I can't get my head around John Bentley Mays's take on Anglican-Catholic relations (link via Deborah Gyapong).
But before shouting a merry “Welcome Home!” to them [the Traditional Anglican Communion], it’s worth thinking about the pickle into which the recent tumults in Anglicanism are putting Catholic officialdom.
Up to this point, the Catholic Church’s talks with Anglicans have proceeded on the understanding that there was a single Anglican body in the conversation — the one made up of those churches who recognize the spiritual leadership of the Archbishop of Canterbury.
How so? The TAC has been out of communion with the Archbishop of Canterbury for more than a decade and a half (and has been in dialogue with Rome since the early 1990s).
But should the Anglican Communion fragment into so many pieces, as now seems possible, who, exactly, will Catholics talk to? The liberal, mainstream denomination, which ordains women and (in the United States, anyway) approves the ordination of openly gay priests and bishops? Or the breakaway Anglicans who do neither, and are therefore of one mind (in this respect, anyway) with Catholicism?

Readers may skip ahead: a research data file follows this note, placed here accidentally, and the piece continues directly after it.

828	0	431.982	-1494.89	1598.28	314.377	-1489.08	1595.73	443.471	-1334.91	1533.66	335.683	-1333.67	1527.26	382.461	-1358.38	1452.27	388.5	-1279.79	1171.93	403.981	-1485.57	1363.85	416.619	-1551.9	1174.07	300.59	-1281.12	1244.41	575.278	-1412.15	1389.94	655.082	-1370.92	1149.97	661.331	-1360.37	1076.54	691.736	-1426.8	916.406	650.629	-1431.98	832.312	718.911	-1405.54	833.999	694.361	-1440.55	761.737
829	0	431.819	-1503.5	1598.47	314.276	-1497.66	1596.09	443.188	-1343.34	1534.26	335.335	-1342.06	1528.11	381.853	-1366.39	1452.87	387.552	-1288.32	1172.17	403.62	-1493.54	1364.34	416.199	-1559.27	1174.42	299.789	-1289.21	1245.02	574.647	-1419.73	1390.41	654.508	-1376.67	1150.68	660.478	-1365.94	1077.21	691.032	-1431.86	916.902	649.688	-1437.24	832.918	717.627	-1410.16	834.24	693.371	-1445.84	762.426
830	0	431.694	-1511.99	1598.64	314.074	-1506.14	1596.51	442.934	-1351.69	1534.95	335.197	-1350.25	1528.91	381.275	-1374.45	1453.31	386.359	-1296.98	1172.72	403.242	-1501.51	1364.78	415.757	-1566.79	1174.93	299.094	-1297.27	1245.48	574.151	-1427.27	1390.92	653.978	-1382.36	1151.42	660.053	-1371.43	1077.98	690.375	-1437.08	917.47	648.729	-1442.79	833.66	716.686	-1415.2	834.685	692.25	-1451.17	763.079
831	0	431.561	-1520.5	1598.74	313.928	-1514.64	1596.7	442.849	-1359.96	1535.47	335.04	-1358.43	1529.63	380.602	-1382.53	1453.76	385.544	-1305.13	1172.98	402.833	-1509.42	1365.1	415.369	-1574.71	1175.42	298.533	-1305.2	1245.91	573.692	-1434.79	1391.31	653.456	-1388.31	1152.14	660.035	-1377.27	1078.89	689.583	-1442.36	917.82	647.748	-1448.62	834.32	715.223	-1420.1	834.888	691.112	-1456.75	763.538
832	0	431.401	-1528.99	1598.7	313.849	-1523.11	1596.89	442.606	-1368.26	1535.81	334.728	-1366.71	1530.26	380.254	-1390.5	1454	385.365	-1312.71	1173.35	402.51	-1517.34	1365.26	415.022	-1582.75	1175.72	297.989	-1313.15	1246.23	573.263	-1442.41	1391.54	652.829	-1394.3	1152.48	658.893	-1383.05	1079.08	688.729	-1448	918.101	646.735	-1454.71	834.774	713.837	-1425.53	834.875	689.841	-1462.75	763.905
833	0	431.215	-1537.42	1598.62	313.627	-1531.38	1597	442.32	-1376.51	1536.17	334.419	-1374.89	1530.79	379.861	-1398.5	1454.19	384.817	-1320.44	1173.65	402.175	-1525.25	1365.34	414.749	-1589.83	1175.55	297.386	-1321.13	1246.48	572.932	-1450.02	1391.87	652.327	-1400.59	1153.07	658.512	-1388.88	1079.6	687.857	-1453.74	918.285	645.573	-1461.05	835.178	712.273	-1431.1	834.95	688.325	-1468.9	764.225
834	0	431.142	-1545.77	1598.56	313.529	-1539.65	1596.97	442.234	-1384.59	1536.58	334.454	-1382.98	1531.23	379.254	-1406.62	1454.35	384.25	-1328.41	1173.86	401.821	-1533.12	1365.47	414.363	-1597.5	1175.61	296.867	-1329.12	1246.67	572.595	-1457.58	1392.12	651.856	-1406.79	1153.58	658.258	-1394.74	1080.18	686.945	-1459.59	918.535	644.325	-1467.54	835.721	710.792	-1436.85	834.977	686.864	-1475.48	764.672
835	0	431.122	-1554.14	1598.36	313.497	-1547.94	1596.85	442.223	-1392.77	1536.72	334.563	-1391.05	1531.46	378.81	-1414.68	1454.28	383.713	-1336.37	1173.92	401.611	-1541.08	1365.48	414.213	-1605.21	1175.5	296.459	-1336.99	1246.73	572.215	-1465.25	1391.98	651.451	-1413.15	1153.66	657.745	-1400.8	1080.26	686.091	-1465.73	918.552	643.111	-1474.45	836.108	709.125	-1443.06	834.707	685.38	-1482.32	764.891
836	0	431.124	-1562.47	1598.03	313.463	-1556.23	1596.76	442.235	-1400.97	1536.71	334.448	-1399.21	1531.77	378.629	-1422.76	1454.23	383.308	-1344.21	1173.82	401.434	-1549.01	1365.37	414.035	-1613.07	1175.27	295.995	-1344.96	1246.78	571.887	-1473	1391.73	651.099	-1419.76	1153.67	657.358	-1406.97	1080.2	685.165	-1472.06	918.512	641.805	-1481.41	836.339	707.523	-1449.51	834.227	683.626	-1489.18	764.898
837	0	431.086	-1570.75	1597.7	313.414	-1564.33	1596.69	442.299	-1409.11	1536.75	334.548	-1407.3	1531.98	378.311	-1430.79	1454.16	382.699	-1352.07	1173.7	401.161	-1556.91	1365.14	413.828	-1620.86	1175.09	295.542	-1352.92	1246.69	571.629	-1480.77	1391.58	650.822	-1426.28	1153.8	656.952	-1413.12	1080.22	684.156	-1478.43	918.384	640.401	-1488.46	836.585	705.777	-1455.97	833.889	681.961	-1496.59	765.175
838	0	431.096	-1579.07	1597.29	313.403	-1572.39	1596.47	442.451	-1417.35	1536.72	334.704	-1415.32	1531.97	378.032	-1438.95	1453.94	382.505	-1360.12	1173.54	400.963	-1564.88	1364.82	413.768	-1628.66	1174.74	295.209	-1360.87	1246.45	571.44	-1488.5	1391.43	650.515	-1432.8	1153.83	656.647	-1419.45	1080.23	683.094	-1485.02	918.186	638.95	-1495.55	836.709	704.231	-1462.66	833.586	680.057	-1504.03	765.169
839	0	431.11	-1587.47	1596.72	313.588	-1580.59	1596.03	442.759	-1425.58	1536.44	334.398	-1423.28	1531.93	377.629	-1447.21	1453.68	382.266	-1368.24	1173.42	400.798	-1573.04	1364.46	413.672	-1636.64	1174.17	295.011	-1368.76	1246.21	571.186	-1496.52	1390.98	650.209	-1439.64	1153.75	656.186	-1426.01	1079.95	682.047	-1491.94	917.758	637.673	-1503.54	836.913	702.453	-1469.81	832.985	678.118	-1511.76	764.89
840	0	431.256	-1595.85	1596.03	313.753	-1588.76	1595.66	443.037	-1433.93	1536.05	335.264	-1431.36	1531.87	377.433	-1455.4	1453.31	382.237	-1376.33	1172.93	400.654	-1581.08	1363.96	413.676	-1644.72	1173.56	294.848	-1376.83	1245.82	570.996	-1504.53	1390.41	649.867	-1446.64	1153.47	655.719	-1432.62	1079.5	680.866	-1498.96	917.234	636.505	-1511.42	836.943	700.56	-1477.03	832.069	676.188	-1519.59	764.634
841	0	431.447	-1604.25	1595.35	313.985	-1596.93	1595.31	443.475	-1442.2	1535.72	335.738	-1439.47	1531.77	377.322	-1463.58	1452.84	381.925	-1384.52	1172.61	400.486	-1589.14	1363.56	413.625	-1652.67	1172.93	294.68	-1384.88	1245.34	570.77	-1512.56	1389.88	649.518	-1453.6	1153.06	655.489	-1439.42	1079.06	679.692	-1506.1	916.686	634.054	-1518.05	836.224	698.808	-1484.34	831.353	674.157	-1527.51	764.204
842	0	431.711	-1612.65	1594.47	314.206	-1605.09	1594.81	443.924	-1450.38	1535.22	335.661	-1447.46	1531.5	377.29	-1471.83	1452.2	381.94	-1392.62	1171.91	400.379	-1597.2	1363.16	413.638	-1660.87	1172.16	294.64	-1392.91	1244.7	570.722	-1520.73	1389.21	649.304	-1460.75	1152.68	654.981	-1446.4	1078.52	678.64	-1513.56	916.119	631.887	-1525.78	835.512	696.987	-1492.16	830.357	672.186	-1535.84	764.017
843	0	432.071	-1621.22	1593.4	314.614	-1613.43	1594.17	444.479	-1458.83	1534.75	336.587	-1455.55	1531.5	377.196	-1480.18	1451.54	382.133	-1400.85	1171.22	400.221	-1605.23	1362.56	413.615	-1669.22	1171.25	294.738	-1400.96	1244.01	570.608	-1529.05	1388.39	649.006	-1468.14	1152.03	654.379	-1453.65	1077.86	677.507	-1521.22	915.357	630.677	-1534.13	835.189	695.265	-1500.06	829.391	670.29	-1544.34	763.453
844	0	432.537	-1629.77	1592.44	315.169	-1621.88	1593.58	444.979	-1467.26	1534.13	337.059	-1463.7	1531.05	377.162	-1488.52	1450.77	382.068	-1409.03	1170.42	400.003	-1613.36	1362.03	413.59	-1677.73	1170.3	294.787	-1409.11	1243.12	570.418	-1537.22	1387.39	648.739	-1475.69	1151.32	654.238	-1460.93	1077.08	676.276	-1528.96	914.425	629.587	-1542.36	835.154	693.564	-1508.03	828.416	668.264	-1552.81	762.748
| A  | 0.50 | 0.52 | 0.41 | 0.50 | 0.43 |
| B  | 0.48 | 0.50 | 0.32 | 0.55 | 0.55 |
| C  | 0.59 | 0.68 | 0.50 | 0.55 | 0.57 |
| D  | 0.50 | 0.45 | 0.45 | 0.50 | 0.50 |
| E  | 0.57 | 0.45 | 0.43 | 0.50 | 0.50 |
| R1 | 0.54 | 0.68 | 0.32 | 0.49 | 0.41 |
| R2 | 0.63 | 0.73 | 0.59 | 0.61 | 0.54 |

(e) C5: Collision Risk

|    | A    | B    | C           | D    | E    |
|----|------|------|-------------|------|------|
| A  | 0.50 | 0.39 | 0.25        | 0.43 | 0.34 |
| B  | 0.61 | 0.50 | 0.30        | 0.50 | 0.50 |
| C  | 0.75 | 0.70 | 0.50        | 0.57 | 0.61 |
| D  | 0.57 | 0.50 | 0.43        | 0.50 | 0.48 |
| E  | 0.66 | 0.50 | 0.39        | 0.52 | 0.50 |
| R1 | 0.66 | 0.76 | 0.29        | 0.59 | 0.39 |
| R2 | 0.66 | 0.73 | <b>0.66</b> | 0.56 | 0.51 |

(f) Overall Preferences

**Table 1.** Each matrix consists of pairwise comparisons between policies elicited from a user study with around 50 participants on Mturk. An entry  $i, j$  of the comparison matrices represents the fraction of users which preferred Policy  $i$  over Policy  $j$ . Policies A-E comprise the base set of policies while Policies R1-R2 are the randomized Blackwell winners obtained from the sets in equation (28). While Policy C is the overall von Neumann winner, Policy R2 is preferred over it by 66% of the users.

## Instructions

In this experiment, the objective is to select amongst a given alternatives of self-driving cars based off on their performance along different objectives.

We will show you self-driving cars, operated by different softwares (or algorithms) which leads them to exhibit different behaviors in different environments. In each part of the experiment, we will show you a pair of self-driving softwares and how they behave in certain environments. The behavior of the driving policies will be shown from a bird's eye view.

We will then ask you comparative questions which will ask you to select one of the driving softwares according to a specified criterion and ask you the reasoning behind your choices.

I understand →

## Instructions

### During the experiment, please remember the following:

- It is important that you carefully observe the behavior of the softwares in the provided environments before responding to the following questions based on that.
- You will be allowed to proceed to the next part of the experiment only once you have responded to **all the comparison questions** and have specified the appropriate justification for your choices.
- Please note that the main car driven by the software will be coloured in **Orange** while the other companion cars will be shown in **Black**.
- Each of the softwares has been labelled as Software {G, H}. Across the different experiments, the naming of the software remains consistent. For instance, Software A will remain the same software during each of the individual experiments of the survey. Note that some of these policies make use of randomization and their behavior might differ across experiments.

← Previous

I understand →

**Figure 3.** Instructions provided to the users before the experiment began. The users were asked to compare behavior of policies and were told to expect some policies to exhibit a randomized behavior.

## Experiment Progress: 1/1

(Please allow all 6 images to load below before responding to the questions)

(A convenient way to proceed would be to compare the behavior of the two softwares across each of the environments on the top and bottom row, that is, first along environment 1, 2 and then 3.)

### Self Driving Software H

It's not for me to decide, but surely the Catholic Church will talk to whoever is willing to talk with her. I can't imagine that The Episcopal Church will be remotely interested in negotiating much of anything with Rome, given TEC's intransigence towards the rest of the Anglican Communion to which, for the time being, it still belongs. But Rome has been talking with Eastern Orthodox Churches and even the Mennonite World Conference, an heir of one of the radical streams of the Protestant Reformation.
The fact that at one recent powwow the Russian Orthodox got huffy over the presence of the Estonian Orthodox and walked out didn't stop talks from proceeding fruitfully among the rest of the participants. Neither should any talks between Rome and the TAC interfere with Canterbury's own relationship with Rome.
And what’s to be done about those Anglicans who are now seeking full union with the Catholic Church? For Catholics to treat with a whole bloc of disaffected Anglicans runs counter to Vatican policy regarding the Anglican Communion. Were the Vatican to admit the TAC to membership, the move would almost certainly be viewed by Anglican mainstreamers as gravely divisive to the up-to-now usual Catholic-Anglican relationship, and it might squash future ecumenical encounters altogether.
Nonsense. It would be one thing for Rome to openly woo en bloc those "disaffected Anglicans" who currently belong to the Anglican Communion, and this it has not done. The Catholic Church is called to evangelize all men, but it should reach out to Christians active in other ecclesial communities in a way that will not jeopardize the long, slow work of restoring Christian unity. It is another thing altogether, though, for Rome to receive an overture from a group that has long been estranged from Canterbury and that shows not the slightest interest in accepting the current doctrine and governance of the Anglican Communion.